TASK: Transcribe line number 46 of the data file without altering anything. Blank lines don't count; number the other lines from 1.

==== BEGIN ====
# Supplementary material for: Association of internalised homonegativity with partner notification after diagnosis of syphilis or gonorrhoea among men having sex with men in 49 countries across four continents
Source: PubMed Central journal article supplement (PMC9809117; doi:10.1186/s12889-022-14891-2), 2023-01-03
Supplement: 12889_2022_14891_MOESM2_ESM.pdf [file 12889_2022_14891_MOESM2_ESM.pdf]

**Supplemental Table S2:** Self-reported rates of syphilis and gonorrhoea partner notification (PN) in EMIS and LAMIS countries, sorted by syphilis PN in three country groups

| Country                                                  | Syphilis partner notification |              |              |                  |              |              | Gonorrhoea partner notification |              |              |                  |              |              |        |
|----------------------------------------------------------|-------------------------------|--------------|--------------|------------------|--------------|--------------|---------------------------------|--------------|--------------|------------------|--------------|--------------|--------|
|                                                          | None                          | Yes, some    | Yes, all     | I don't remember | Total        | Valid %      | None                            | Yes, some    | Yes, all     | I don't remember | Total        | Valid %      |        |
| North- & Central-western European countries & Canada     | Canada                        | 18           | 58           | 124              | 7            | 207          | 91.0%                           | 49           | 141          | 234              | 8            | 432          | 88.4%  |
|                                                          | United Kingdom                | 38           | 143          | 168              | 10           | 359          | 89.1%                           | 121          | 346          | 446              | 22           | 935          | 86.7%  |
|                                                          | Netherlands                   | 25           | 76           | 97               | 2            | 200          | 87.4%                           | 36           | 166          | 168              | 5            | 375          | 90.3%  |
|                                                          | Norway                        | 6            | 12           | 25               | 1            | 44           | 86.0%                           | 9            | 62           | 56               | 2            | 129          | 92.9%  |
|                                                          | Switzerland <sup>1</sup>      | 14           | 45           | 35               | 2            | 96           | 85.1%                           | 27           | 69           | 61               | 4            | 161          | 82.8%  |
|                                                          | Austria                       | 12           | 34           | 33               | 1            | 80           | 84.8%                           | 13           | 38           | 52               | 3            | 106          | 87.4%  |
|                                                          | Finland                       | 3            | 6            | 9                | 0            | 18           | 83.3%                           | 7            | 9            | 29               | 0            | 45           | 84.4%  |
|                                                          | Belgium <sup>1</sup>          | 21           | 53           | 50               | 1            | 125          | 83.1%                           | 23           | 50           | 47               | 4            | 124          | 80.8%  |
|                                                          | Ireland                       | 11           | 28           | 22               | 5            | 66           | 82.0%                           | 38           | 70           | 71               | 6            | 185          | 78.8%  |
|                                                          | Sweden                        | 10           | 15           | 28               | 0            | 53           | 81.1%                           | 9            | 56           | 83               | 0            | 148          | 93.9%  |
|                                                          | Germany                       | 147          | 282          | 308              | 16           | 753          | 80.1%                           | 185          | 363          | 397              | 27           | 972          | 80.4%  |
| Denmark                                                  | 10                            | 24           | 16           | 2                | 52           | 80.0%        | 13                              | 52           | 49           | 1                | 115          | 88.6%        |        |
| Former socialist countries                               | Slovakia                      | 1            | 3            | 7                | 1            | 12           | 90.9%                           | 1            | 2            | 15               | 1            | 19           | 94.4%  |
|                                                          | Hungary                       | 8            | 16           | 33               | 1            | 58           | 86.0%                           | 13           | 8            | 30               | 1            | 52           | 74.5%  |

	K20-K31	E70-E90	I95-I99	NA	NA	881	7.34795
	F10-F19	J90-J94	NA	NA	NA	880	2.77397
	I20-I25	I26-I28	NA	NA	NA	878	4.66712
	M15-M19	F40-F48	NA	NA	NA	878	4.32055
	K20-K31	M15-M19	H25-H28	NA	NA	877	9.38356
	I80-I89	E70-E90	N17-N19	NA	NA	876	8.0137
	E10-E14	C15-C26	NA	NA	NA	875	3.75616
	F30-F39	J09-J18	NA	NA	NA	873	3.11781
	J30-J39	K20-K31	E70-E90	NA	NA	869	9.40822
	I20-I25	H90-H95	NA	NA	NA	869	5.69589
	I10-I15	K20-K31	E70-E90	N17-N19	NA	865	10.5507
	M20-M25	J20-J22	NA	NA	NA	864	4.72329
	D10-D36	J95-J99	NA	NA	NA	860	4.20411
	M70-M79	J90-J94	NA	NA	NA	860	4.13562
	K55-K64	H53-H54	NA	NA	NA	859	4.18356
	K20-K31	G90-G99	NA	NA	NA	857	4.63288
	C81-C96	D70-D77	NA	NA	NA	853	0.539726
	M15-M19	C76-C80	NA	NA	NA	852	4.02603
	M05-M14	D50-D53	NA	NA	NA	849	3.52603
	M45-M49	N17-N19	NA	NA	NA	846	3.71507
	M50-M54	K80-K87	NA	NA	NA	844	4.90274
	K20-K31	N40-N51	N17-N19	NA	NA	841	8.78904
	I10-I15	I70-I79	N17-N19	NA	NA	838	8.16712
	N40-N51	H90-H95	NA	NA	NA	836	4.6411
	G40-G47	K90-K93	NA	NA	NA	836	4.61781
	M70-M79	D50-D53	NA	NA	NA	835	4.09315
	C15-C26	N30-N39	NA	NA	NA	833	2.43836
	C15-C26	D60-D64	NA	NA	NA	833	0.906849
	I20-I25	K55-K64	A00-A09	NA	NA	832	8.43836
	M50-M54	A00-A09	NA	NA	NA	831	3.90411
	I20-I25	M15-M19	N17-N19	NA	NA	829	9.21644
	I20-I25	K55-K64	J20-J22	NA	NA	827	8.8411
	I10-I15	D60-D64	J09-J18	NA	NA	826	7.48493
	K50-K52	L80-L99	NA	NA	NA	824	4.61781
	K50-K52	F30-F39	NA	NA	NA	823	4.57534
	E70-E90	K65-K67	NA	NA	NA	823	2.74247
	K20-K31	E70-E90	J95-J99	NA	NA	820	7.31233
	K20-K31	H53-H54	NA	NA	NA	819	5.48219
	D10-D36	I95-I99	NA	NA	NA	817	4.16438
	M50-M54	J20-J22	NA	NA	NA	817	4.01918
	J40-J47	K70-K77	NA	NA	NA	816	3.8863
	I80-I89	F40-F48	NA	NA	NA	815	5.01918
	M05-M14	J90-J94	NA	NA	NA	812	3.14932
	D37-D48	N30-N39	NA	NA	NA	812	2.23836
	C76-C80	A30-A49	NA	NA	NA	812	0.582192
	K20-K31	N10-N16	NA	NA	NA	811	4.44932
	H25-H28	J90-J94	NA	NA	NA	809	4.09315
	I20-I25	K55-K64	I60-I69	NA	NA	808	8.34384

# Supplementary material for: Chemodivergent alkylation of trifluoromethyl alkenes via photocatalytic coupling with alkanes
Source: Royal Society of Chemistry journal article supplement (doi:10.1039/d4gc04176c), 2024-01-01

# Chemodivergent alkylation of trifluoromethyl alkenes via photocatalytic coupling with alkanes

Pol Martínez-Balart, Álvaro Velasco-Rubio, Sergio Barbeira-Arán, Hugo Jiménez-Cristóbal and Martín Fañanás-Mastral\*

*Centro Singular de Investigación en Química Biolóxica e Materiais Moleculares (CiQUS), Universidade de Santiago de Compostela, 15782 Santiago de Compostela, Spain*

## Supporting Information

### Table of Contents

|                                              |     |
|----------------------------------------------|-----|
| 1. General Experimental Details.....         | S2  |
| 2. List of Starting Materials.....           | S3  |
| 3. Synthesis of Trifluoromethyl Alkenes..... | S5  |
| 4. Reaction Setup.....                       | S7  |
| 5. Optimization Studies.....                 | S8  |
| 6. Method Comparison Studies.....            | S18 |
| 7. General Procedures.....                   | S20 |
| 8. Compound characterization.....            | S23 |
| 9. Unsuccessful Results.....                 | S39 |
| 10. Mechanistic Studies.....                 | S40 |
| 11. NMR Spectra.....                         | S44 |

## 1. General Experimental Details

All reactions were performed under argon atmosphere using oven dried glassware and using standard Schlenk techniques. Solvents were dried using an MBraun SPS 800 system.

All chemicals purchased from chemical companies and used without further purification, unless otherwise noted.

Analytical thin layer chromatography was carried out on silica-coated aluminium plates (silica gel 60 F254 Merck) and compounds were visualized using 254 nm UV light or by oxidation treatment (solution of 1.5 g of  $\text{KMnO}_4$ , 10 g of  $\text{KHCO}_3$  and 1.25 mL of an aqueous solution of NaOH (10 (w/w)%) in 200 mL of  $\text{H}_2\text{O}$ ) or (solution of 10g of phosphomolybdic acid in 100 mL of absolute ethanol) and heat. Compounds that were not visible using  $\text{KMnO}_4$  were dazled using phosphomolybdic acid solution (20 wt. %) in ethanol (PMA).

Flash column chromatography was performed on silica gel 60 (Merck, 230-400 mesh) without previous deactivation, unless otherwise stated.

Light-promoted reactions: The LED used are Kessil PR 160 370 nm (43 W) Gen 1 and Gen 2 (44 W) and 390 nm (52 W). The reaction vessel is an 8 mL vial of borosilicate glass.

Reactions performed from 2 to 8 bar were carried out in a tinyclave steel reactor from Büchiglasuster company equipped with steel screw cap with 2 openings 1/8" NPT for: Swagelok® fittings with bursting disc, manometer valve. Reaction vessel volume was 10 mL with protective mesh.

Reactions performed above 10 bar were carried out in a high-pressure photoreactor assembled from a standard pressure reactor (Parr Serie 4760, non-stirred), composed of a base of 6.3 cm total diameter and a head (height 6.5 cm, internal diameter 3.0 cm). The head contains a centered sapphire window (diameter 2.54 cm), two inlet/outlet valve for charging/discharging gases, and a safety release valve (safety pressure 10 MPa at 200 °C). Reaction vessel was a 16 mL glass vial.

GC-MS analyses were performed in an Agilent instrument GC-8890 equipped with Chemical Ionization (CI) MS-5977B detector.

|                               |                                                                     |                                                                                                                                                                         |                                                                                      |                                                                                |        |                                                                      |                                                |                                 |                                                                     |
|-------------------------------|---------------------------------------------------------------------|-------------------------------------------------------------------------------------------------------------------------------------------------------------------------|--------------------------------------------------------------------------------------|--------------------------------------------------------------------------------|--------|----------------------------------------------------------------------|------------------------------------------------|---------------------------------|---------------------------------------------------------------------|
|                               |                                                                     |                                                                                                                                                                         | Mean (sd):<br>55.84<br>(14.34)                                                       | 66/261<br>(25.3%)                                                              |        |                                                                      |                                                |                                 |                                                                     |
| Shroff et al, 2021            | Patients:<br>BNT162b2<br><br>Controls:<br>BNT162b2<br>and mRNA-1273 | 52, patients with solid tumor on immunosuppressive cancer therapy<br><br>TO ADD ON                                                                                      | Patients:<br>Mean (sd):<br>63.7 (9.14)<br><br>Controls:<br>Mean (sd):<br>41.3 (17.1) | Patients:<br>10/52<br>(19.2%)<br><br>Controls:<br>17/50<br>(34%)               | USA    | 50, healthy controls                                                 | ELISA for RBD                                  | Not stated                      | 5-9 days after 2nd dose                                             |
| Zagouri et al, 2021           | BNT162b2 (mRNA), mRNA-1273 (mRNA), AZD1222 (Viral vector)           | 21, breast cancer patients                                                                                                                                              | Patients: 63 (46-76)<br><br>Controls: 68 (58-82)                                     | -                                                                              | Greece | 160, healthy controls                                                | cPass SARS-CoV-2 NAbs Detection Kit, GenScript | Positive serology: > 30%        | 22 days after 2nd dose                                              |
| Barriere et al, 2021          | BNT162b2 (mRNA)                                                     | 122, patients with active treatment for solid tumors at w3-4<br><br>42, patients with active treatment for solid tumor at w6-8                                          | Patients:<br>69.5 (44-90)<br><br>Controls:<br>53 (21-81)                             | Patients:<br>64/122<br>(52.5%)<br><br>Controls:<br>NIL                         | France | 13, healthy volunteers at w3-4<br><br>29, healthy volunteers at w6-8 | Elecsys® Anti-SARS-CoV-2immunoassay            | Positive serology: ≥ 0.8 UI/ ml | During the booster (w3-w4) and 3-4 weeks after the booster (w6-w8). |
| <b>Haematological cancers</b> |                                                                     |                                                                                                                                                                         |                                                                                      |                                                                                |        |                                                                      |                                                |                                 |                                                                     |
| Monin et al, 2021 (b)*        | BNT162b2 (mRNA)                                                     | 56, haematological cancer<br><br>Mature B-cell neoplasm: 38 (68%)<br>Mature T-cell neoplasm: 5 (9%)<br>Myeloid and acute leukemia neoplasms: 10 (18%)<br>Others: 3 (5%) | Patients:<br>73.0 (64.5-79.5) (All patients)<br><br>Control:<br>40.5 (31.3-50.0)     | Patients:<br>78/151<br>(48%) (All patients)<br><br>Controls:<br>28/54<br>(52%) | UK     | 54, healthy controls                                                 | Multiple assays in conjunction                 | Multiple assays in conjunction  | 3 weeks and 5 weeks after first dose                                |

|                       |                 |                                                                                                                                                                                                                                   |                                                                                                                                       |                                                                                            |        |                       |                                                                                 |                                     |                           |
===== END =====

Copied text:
	G40-G47	K90-K93	NA	NA	NA	836	4.61781